The pay package of new Yahoo! (NASDAQ: YHOO) CEO Marissa Mayer has been pegged at between $59 million and $100 million, depending on what assumptions about bonuses and stock options get used. Anything within the range is cheap, if Mayer has even modest success.
The easiest part of her contract to calculate is the base salary of $1 million. Bonuses will be based largely on performance. So will the value of stock options — indirectly. The most controversial segment of her compensation is Restricted Stock Units. These are grants of actual shares that will have a value no matter what — unless Yahoo!’s stock drops to zero.
Yahoo!’s stock price has hovered near $15 to $16. That stands well short of the level of more than $30 that the stock hit after Microsoft’s (NASDAQ: MSFT) 2008 offer to buy the portal company. If the stock returns to that level, Yahoo!’s market cap will rise by $20 billion from its present level.
A prediction that Yahoo!’s stock could double relatively soon would be based on the simple assumptions that the firm could sell its ownership in Yahoo! Japan and Aliaba. Many analysts believe this would “open” $10 billion in value. It would be, on a larger scale, similar to what AOL (NYSE: AOL) did when it sold 800 patents to Microsoft for just more than $1 billion, and then promised to return that money to shareholders.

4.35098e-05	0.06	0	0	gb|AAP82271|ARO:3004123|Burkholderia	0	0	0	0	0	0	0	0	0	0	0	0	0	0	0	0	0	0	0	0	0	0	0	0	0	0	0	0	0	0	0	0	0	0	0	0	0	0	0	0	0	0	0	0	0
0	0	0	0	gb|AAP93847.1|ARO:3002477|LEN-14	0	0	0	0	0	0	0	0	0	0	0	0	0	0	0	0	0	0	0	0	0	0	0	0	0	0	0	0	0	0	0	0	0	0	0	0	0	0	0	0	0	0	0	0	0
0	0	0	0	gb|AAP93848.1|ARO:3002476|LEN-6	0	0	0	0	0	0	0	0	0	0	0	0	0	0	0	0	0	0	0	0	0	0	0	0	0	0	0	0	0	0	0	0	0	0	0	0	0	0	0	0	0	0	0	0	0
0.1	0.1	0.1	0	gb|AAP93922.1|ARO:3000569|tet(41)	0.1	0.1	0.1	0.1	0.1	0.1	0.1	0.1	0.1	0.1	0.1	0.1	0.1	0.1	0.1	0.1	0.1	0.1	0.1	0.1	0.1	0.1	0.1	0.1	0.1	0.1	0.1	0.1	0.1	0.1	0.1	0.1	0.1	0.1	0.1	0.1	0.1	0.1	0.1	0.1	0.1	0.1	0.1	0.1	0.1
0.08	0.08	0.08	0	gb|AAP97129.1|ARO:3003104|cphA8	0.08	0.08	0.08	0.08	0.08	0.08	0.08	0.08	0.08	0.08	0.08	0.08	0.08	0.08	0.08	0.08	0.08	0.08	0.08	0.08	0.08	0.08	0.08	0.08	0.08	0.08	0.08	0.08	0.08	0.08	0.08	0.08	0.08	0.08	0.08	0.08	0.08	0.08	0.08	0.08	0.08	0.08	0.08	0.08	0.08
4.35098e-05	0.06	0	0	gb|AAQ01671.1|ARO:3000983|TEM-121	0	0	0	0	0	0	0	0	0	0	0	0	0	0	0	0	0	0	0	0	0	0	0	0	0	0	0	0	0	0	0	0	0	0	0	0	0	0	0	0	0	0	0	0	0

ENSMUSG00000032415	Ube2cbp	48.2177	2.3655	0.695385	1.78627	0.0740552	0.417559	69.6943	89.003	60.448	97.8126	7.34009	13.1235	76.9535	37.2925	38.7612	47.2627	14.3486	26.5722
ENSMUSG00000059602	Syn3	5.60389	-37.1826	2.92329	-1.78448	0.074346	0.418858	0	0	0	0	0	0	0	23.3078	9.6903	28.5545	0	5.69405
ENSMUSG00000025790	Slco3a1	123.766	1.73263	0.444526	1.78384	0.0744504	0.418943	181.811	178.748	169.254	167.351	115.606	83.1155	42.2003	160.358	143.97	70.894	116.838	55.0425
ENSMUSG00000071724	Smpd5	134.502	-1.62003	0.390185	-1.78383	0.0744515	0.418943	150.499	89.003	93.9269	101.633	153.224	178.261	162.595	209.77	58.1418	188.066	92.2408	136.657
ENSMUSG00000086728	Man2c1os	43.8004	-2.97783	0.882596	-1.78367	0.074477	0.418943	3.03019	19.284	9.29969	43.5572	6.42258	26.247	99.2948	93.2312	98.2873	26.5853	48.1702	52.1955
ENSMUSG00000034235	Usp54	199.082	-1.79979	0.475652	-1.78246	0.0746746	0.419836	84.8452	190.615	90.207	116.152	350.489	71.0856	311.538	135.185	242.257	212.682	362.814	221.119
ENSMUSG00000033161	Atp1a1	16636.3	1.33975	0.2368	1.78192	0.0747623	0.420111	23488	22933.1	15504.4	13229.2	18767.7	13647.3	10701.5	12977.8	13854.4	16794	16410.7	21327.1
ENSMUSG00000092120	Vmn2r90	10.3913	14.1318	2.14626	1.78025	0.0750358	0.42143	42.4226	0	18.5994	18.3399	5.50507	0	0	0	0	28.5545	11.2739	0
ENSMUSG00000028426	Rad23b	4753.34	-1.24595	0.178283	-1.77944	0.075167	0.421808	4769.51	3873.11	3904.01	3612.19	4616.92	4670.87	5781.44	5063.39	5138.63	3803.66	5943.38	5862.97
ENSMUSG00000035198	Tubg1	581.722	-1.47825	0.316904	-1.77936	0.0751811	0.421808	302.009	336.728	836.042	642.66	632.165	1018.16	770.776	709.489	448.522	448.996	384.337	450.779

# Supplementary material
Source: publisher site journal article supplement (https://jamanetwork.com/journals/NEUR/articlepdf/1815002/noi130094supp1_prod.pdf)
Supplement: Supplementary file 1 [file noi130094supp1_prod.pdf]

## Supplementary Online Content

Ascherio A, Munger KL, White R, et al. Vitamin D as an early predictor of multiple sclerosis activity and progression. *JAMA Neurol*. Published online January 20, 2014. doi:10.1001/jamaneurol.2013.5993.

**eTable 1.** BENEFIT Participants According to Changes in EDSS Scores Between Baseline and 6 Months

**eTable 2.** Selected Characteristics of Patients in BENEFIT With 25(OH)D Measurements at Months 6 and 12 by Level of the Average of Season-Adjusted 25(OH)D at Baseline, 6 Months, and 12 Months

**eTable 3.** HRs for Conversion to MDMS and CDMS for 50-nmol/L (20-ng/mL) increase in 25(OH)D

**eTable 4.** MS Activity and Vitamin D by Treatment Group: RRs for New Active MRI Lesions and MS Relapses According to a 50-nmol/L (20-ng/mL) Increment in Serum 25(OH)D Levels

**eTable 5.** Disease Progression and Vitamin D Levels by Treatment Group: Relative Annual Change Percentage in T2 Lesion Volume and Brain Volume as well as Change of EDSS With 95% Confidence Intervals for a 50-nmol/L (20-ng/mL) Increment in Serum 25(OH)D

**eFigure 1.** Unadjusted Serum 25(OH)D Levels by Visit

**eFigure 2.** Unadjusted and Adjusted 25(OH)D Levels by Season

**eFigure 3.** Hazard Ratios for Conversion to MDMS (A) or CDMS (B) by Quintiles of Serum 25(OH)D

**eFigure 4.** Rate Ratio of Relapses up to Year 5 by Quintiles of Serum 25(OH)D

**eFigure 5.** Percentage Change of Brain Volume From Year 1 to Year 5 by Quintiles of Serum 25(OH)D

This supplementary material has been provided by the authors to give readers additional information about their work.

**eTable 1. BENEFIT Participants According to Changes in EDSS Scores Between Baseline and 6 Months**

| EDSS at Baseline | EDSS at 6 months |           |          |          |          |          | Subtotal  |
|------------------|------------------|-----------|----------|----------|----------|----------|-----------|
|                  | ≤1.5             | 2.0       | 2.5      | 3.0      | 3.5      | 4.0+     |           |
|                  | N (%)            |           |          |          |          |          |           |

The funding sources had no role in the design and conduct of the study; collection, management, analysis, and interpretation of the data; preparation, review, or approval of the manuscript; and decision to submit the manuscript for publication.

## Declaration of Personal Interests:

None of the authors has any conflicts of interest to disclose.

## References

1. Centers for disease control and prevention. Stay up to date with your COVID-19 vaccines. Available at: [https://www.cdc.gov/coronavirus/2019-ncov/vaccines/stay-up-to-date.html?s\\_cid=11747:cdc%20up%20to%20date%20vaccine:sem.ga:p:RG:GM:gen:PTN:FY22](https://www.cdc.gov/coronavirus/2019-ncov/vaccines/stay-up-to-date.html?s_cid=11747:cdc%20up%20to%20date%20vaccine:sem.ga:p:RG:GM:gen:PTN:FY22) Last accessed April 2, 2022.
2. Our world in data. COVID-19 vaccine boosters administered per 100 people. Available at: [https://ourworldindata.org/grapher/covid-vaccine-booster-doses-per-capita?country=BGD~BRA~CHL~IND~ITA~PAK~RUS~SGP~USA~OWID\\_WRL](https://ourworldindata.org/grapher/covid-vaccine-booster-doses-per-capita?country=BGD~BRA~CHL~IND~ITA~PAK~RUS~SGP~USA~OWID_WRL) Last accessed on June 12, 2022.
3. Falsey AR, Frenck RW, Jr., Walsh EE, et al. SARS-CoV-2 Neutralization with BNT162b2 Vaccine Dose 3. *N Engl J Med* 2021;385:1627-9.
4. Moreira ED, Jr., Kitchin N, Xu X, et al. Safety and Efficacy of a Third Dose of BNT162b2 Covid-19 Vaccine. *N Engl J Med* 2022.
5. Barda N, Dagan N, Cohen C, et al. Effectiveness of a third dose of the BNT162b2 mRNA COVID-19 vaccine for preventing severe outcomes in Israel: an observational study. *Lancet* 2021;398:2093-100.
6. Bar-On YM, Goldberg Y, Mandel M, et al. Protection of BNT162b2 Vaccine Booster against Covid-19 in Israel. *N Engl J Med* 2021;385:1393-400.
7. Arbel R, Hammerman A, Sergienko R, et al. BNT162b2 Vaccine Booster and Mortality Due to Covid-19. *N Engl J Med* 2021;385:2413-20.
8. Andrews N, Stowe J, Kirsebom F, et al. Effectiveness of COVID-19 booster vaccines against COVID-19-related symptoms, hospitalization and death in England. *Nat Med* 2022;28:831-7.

The value of Yahoo!’s shares also might be boosted by expense cuts, to the extent that these increase earnings.The Wall Street Journal recently speculated that Mayer could fire thousands of workers just to get its productivity in line with Google’s (NASDAQ: GOOG) and Facebook’s (NASDAQ: FB). Obviously, such an action would be a one-time measure, but that does not mean the decision might drive the stock higher temporarily.
The most difficult route to increase shareholder value is for Mayer to come up with one or more ways to rekindle Yahoo!’s growth. But that is not be the only way to move shares back to $30, and to get Mayer her $100 million. It is just the one that does the most to make the change in value permanent.
Douglas A. McIntyre